I don’t know what to say about it– after all these months of thinking about what it would be like when I finally saw her, when I finally met her. But what is there that you can say about it? When a piece of you grows and lives and is now walking around, moving, breathing, and becoming? When a part of you detaches from your body and becomes someone else’s?

I love my husband so much. He has made me more happy than I have any right to be. The first time he told me he loved me, I knew that I would be happy forever, no matter what else came.

But that first moment, when I knew my daughter was finally here… I don’t know what I can say about that. I guess that the best way that I can put it is to say that I didn’t know there was that much sublime beauty in the entire world. I didn’t know that my body could contain so much gratitude to the universe for allowing me to have this. I exhaled for what seemed like the first time in my whole life, and when I took my next breath, I knew that my daughter was taking her’s, too.

The doctor brought her around the screen to show me– very briefly, all I could see was the bottom half of her body. So my first thought when I saw my daughter was, “Holy crap– those are some big freaking feet.”

After she was warm and cleaned up, measured, weighed, poked, and all that, they wrapped her in a blanket and handed her to Mitch. And he came around the screen right away, crying, and put her down next to me. And he said, “Hi, mommy.”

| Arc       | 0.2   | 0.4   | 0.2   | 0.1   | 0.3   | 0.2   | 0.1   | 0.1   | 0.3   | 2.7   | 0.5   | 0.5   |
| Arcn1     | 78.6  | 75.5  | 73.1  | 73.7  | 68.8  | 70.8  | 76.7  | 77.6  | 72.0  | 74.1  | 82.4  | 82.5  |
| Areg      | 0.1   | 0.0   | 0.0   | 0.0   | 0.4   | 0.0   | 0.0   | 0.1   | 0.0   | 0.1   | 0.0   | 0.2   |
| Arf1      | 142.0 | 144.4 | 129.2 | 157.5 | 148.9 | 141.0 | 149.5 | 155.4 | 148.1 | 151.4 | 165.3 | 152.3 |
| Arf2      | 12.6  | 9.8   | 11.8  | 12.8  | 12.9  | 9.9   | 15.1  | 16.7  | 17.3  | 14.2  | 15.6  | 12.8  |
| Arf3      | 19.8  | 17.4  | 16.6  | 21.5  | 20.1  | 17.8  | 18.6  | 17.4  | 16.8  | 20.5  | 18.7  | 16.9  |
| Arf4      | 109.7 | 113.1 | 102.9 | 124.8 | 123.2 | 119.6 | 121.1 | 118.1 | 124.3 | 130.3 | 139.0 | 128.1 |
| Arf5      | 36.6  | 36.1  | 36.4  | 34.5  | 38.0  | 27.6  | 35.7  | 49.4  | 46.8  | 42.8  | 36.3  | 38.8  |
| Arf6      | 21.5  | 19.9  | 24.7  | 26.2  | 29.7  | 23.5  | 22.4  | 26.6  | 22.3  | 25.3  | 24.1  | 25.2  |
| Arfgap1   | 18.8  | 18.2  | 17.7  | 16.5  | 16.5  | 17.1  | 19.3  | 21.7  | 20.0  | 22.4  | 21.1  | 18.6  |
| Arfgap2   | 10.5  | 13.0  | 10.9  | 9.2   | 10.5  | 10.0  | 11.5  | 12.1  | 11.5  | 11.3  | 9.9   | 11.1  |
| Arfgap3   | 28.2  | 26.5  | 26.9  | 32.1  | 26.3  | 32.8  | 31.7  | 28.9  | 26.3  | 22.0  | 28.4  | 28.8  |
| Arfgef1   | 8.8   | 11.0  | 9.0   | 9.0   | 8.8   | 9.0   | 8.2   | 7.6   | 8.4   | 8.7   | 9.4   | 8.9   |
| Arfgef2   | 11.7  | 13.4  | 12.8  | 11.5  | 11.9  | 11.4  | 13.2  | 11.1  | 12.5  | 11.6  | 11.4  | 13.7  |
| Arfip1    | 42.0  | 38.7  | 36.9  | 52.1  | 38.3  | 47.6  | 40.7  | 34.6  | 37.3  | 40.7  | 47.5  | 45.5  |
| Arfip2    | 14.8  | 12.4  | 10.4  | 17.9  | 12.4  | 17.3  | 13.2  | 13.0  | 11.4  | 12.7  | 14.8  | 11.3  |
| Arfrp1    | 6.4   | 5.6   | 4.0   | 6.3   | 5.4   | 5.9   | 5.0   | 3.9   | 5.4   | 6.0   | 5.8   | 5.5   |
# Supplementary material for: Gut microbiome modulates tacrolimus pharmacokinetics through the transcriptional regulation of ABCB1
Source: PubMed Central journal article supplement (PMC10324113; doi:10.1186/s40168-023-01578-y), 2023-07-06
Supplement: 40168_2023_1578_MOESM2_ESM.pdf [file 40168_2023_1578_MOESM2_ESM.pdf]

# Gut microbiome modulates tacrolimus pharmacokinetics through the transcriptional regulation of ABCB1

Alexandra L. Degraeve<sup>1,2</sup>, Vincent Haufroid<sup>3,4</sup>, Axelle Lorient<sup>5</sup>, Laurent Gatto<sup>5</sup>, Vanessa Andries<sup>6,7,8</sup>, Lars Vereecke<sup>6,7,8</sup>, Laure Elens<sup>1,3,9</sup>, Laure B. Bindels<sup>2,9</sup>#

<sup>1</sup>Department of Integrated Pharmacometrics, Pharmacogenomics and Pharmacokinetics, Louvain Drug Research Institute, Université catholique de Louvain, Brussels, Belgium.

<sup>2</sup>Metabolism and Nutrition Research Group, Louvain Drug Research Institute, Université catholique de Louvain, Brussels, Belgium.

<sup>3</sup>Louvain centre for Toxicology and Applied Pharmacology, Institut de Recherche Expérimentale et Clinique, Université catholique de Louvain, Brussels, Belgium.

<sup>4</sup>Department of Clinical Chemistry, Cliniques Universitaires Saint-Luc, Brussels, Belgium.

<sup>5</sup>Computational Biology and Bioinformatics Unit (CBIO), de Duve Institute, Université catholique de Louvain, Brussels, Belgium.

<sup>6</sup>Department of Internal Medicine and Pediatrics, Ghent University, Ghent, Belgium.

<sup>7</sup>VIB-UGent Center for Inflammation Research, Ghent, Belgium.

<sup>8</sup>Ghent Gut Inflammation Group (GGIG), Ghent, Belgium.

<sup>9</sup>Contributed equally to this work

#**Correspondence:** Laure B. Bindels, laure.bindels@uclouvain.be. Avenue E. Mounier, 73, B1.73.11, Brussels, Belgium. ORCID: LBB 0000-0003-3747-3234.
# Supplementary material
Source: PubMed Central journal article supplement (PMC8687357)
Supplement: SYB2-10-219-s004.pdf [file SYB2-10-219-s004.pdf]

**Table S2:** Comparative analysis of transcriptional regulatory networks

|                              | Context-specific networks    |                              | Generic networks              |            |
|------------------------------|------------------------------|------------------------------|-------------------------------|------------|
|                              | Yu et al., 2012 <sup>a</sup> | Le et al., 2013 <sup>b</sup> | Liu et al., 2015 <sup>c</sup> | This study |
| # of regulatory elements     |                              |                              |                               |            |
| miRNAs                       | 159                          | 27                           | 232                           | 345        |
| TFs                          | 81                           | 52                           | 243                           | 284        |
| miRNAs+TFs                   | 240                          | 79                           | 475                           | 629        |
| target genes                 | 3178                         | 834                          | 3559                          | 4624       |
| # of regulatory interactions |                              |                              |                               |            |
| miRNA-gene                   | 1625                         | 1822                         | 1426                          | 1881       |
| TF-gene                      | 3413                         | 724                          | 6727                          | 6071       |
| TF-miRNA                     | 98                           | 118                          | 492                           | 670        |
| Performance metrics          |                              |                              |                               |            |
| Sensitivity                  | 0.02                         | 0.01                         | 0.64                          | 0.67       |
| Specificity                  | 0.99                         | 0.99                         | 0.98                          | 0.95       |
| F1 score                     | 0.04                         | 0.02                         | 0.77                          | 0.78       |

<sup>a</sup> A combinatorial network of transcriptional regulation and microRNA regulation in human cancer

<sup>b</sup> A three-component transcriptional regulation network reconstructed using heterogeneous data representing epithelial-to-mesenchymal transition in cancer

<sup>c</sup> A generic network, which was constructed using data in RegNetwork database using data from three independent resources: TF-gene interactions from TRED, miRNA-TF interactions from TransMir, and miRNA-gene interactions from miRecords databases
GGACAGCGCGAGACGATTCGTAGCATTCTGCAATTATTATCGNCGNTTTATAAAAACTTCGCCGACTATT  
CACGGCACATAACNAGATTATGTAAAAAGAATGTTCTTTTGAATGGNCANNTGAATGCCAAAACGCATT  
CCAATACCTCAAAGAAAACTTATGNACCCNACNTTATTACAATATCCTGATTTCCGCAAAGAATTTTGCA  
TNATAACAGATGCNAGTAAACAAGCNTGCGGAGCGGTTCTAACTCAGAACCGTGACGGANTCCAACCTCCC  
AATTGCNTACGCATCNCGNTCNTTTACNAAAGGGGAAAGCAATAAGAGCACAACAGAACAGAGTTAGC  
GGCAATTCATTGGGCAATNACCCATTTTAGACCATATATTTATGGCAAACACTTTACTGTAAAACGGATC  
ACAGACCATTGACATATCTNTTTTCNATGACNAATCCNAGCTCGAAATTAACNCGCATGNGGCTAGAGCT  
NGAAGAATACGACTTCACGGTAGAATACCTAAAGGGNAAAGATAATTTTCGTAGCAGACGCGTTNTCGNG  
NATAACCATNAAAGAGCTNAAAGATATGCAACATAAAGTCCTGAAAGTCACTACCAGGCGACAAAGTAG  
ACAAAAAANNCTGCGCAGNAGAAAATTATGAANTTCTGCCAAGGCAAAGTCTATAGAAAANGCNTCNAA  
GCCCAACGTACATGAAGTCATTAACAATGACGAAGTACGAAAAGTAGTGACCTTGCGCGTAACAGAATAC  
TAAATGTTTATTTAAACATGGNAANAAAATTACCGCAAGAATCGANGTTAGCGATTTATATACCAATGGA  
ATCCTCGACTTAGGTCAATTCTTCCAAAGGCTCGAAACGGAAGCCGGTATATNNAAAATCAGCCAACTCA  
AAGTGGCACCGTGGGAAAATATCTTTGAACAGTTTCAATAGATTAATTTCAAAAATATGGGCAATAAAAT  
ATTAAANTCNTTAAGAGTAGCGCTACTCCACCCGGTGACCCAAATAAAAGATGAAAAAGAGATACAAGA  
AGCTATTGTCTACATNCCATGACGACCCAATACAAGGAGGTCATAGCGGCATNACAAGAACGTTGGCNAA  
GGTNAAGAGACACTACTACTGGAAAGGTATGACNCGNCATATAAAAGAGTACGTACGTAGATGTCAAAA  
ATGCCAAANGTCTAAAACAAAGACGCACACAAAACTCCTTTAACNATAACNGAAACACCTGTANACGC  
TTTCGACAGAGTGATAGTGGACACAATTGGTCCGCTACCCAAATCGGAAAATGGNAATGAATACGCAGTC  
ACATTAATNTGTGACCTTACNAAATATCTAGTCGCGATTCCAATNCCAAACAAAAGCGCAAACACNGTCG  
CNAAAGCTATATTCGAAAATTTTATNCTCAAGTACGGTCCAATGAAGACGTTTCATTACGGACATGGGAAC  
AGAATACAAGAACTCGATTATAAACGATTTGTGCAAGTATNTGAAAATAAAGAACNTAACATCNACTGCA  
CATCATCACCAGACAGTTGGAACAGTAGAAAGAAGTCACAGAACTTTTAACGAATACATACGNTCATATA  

Maren’s eyes were open. She wasn’t crying anymore, but every so often, a little burst of sound would come out of her little mouth. She had all kinds of dark hair on her head, and struggled a little bit against the blanket. She cooed, and Mitch pulled her back so that I could see her.

And I thought: It’s you. I’ve known you….. all along.


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1 Comment

Filed under Baby

One response to “Advent Baby: Horizon

  1. Cat

    I like to read about Mitch through all this because it reminds me so much of Scott when I was in the hospital and recovering last year. And even still now. I loved Scott. I thought he was incredible. And I never had a clue that he would be so calm, strong, caring, and GOOD when our lives were flipped upside down. Especially because I gelt so very lost and helpless and utterly broken.

    Also, you know you have a good partner when they still love you, post-pooping, and without even considering it. In my case, there were so many embarassing things, but hands down the best one was when I threw up. With my jaw wired shut. Under the care of a terrified med student. And Scott had to convince me to swallow the barf in order to avoid another surgery.